My OLPC arrived in the mail!
I’d been looking forward to checking it out, and I have to say, it’s a mixed bag. A few positives, a few negatives.
First off, the hardware;
The case is nice. Adam declared it “fugly” when he saw it, but I think it’s fine for a kid’s computer, even pretty in a sort of Fisher-Price way. It looks like it evolved from a Speak-and-Spell. It has a rugged look, though I don’t know how it would stand up to a drop.
There are two little antenna “ears” that serve as a latch when the laptop is closed, as wifi antenna when they are up, and port covers when they are closed.
There are 3 USB ports, a headphone jack, a mic jack, and an SD card slot. The SD card slot is a little oddly placed since it’s below the hinge, but I guess the idea is it would be to expand storage, and wouldn’t be accessed often.
The keyboard is rubber, a membrane to make it spill-resistant. This means the keys are smooshy when you type on it. The keys are also close together and small – not an issue for little child hands, I suspect, but not easy for an adult to use.
There is a three-panel trackpad below the keyboard. All three panels can be used with some future enhancement that would support a stylus, currently only the center trackpad is active, and works with touch. The drivers for it are buggy though, the calibration is poor. Despite re-calibrating it several times, I still found it pretty much unusable. It would move fine, then jump around, then move in the wrong direction sometimes… I’m hoping this is a software issue they can fix with an update, not a flaw in the hardware design. I ended up having to use a mouse.
The screen is decent, they made a new type of pixel arrangement that allowed them to produce the screens more cheaply. It looks fine to me, the viewing angle isn’t that good, but that’s not a big deal. If you turn the backlight off, it switches to black and white mode, which is not readable in dim light, but would be ideal for reading ebooks out in the sunshine (which is the idea).
There is a pivot on the hinge, so the screen can flip around and fold down, allowing it to be used as an ebook reader or game (it has a D-pad and 4 buttons on either side of the screen).
Early prototypes had a crank on the side, perhaps the most distinctive feature. Unfortunately, that had to be dropped from the final design. Instead it has a standard power supply and rechargeable battery. The changer could be swapped out for a foot-driven charger or solar panels as a future innovation for places without power, although for internet they need a central server with power and phone, so most likely any classrooms using them will have power (though at home the child might not).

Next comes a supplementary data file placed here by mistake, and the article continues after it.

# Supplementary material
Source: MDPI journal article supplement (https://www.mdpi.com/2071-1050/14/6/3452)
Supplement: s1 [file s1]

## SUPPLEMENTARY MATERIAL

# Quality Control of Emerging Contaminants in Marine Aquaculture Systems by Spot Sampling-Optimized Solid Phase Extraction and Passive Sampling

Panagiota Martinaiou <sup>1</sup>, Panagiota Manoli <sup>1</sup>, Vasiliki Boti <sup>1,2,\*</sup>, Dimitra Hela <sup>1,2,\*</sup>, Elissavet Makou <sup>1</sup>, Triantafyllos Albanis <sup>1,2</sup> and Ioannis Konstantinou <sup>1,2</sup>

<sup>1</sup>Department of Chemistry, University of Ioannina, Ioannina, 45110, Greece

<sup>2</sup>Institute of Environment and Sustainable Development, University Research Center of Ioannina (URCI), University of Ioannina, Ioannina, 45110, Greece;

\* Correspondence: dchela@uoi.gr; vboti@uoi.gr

There are two speakers, a mic, and a webcam. The speakers seem fine, I listened to a clip I downloaded and it was easy to hear. In a noisy classroom, though, you’d probably want to use headphones.
This is where things aren’t as great.
The software suffers from the same thing a lot of open-source software does – it’s largely written by software engineers who know little about graphic design and usability. Which means it’s functional, but not necessarily pretty.
The interface as a whole is kind of clunky and cryptic. This may turn out to be fine in the field, where teachers and probably the students will get training on how to use it all. But in my opinion, the UI should be easy-to-use with little or no training.
The whole thing is similar to Squeak – a great concept, marred by terrible UI. Ok, maybe “terrible” is a bit of an overstatement, but it’s not pretty or easy-to-use. Thing is, many of the *concepts* for the UI aren’t bad, but the execution isn’t so hot. At first I thought this was because they were trying to create a language-neutral UI, but to use the UI, you hover over icons to see (in a text popup) what they are and what actions you can do to them.
Many software engineers actually scoff at “pretty” UI, almost like they think that to have good design is at the expense of functionality. The truth is, good software is a combination of both good functionality AND good design.
There are several bundled apps, which I’ll go over in another post. About a third of them are audio-related, part of a package called TamTam.
All in all, it’s not bad. It’s not the brilliant “oh my god how clever and amazing” that it *could* have been, but it’s at least a starting point. I would say at launch, the software is the weak part. Hopefully they can release some patches to address some of it (buggy touchpad, poor WPA support), but the biggest problem is the overall UI design. You can overcome that with training, but it’s a little disappointing that you would have to, one would hope it would be designed to be incredibly intuitive to use. Instead, it’s passible, but clunky.
Here’s one example of what I mean by clunky – in the news reader, i click on a BBC “learning english” exercise, which launches the web page in the web browser. The web page has an MP3 audio clip, i click on it, and a popup gives me the option to open it with a program. I select it, and it launches eToys, which launches a media player, which gives me a plain square box with the clip name, sliders for volume and shuttle. The player looked like it had been written in BASIC, a plain colored rectangle with plain rectangles for buttons. The whole experience lacks a consistant UI.
So right now, if I had to give it a grade, it would be:
Overall grade: C
If they work some more on the software, the whole thing would be worlds better.
I am a great believer in the possibilities of programs like this, in Alan Kay’s vision for education. So as a first step, I applaud Negroponte for putting his money and influence where his mouth is. I just wish the XO1 could have been a home run instead of a base hit.